sudden loss of appetite in cats
Cat Food and Hydration

10 Reasons for Decreased Appetite in Cats

Whenever a cat has lost interest in eating, alarm bells start to ring. Cats need to eat regularly to stay healthy. Felines are food-focused animals, and their small bodies hold little in the way of energy reserves. If your cat is refusing to eat all of a sudden, there will be an underlying reason.

A sudden loss of appetite in cats can be due to fussiness, as felines can become bored with their food. Your cat may not want its meal due to sickness. Dental pain, kidney failure, stress, and digestive issues are among the possible medical explanations for your cat not being hungry.

We will explain why cats go off their food. There could be a simple explanation surrounding their lifestyle that can be easily rectified. However, it’s also possible that physical pain or mental anguish is to blame. Let’s look at why cats stop eating, and whether veterinary attention is needed.

Why Has My Cat Lost Its Appetite?

Cats do not suddenly decide that they’re not hungry, picking and choosing when to eat. There will be a reason for this reluctance to consume. How to proceed depends on the severity of the issue.

Is it possible that your pet fits any of the following criteria?

  • Your cat is hunting wild prey, and has lost interest in conventional food.
  • Your cat is being fed somewhere else, such as a neighbor’s home.
  • Your cat is bored with eating the same food, or prefers a different brand.
  • Your cat dislikes their food bowl.

Beyond this, however, there could be a medical explanation for your cat’s refusal to eat. Potential medical and health ailments include:

  • Your cat is experiencing dental pain.
  • Your cat has an intestinal blockage, or another digestive issue.
  • Your cat’s kidneys, heart or other organs are starting to fail.
  • Your cat is experiencing side effects from a medication or vaccination.
  • Your cat has an infestation of intestinal parasites.
  • Your cat is stressed and anxious.

Your cat must be seen by a vet if they won’t eat. A feline failing to do so for 24 hours jeopardizes their health. By the time your pet reaches day two or three, they are in danger.

They may be eating elsewhere, and vets can eliminate potential health issues. In the meantime, however, let’s take a look at each of these possible explanations in turn in greater depth.

1) Hunting and Eating Wild Prey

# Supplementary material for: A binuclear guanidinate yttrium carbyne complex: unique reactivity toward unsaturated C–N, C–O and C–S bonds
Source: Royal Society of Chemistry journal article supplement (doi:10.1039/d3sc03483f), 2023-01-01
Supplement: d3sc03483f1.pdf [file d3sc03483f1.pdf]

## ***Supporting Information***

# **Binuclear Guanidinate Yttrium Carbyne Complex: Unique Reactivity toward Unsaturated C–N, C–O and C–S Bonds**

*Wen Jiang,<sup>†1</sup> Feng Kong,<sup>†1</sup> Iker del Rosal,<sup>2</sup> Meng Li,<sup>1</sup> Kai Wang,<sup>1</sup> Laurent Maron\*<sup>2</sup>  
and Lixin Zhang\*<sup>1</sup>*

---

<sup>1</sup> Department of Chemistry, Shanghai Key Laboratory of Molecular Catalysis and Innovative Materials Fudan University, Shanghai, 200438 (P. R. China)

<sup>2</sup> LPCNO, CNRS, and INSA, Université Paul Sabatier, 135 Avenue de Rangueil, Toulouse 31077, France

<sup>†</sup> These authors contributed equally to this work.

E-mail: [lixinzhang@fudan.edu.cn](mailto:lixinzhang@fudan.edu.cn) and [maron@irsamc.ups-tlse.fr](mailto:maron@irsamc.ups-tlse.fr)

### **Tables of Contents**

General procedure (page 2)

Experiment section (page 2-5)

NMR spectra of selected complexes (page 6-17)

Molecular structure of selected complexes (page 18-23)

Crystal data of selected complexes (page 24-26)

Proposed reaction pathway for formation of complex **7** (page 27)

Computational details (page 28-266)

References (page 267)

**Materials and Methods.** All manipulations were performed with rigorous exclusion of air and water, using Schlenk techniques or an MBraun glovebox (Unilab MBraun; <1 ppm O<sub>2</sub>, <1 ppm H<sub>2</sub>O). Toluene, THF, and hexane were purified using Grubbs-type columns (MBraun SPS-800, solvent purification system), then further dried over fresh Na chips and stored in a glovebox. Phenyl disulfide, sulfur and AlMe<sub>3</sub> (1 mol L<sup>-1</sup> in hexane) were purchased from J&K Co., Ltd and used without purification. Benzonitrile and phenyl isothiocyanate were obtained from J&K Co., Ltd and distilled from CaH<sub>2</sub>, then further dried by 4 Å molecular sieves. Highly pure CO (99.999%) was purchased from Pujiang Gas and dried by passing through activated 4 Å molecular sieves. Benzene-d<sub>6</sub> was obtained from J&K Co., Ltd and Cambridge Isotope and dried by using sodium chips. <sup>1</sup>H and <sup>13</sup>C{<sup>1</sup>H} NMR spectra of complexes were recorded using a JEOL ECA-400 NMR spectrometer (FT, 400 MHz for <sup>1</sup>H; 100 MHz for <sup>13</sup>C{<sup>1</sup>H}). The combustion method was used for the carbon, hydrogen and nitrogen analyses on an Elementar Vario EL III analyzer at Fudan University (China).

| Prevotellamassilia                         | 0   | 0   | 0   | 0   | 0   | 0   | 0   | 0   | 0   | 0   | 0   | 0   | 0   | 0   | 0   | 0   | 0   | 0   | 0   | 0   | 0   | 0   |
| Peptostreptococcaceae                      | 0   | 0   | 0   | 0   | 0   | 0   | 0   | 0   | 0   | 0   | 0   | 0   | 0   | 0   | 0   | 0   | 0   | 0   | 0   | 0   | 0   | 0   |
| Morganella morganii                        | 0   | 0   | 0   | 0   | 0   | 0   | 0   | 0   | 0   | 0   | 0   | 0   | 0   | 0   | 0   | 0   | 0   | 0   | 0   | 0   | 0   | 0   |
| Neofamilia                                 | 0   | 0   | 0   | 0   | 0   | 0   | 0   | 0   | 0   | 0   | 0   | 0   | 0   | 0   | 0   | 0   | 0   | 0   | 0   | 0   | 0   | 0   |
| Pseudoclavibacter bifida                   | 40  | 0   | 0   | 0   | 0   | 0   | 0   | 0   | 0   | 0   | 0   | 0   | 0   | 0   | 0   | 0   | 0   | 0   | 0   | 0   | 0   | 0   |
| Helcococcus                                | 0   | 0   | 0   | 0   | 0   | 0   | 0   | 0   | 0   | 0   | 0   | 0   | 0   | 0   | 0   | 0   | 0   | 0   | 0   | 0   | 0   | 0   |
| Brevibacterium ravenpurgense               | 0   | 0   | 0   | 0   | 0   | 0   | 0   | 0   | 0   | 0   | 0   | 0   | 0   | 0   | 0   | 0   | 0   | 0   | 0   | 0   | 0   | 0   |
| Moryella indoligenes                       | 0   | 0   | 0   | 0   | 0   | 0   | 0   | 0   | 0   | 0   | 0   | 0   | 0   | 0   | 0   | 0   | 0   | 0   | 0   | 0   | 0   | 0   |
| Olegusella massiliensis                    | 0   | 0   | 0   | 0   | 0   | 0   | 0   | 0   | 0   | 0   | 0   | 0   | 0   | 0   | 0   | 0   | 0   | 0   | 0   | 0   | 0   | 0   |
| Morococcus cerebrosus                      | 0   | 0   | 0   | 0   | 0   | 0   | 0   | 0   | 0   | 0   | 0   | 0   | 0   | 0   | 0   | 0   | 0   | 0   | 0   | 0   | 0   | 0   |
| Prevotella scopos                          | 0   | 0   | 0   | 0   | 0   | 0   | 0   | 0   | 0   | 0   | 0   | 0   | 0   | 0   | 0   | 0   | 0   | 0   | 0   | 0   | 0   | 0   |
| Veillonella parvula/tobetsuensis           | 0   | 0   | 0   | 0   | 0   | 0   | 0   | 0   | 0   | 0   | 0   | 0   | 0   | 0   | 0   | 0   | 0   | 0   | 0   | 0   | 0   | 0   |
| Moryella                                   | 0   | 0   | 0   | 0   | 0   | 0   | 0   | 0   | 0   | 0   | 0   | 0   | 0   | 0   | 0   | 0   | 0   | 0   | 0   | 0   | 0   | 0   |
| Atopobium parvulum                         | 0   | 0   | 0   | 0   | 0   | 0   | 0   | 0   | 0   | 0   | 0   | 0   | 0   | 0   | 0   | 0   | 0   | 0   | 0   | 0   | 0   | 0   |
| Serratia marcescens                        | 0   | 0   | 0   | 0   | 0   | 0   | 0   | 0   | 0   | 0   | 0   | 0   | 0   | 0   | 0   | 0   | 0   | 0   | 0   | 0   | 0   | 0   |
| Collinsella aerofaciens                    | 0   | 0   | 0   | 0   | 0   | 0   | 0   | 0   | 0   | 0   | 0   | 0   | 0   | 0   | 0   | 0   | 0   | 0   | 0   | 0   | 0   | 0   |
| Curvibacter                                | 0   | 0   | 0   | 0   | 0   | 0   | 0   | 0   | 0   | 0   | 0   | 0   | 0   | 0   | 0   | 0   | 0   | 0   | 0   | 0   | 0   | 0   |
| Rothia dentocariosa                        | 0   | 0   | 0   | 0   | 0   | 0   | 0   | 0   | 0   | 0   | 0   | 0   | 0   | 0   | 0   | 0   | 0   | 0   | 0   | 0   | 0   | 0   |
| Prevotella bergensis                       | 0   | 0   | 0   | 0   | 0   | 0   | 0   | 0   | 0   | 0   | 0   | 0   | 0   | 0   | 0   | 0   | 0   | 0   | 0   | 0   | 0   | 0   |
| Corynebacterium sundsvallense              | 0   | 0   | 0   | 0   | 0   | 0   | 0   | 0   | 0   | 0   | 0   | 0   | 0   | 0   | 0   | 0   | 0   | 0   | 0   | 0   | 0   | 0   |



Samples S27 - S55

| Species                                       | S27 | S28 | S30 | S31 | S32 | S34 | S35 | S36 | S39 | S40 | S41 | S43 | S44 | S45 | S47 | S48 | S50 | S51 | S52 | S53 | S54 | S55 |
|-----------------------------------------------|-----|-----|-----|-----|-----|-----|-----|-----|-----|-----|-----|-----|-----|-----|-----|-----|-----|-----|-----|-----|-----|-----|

A domesticated doesn’t shed their instincts. Every cat, even most loving pet, needs to hunt.

If you have an indoor cat, then this experience is likely replicated through play. If your cat roams outdoors, however, they could be stalking and eating mice and birds.

Even if your cat does hunt wild animals, there is no guarantee that they’ll eat them. Many cats present their trophy kills as a gift. Some breeds like to eat their prey as a reward, though.

The average mouse provides around 30 calories, according to Kirkwood Vets. This means your cat would need around eight mice a day to meet their energy needs. It’s unlikely that a domesticated cat would pursue this much prey, as each hunt burns energy.

However, your cat may develop a taste for stalking their food. Felines cannot deny their natural instincts, and the thrill of the chase will always be enticing.

Some cats find the idea of being presented with their food to be deathly dull.

2) Fed Elsewhere

If your cat roams outdoors, then it’s possible that another family is feeding them. Alternatively, they may be gaining access to another home and eating another cat’s food.

If another family is feeding your cat, they will not know about your pet’s dietary requirements. They will likely feed your cat a different brand of food, creating a fussy eater.

They could easily be over-feeding your pet. Many cats will eat two meals. If your pet is refusing to eat at home, they may be feasting at their ‘second home.’

If you happen to know that a neighbor is feeding your cat, have a polite conversation. You can stretch the truth, claiming your pet is on a special diet due to allergies. Failing to take action on this can leave your cat confused, and potentially harm their health in the long-term.

3) Picky Eater

Sometimes, a cat refusing to eat is because they are fussy. Felines can suddenly grow bored with their food, and frustratingly stubborn. If they’ve been fed something they prefer elsewhere, this becomes increasingly likely.

If a cat gets hungry enough, they’ll eat anything. If you don’t cave and hand over something more appealing, your cat will eventually eat. Of course, this is assuming that your cat is just fussy.

cat not eating much but acting normal

Avoiding fussy eating habits in cats can be tricky. On the one hand, not offering choice prevents your cat from developing wide-ranging, picky tastes. Feeding your cat the same thing time after time, however, may lead to boredom.

Find a brand of food that your cat finds agreeable and vary the flavors. If you have a particularly fussy feline, consider two servings meals of smaller sizes. This way they’re likely to eat something.

4) Does Not Like Its Food Bowl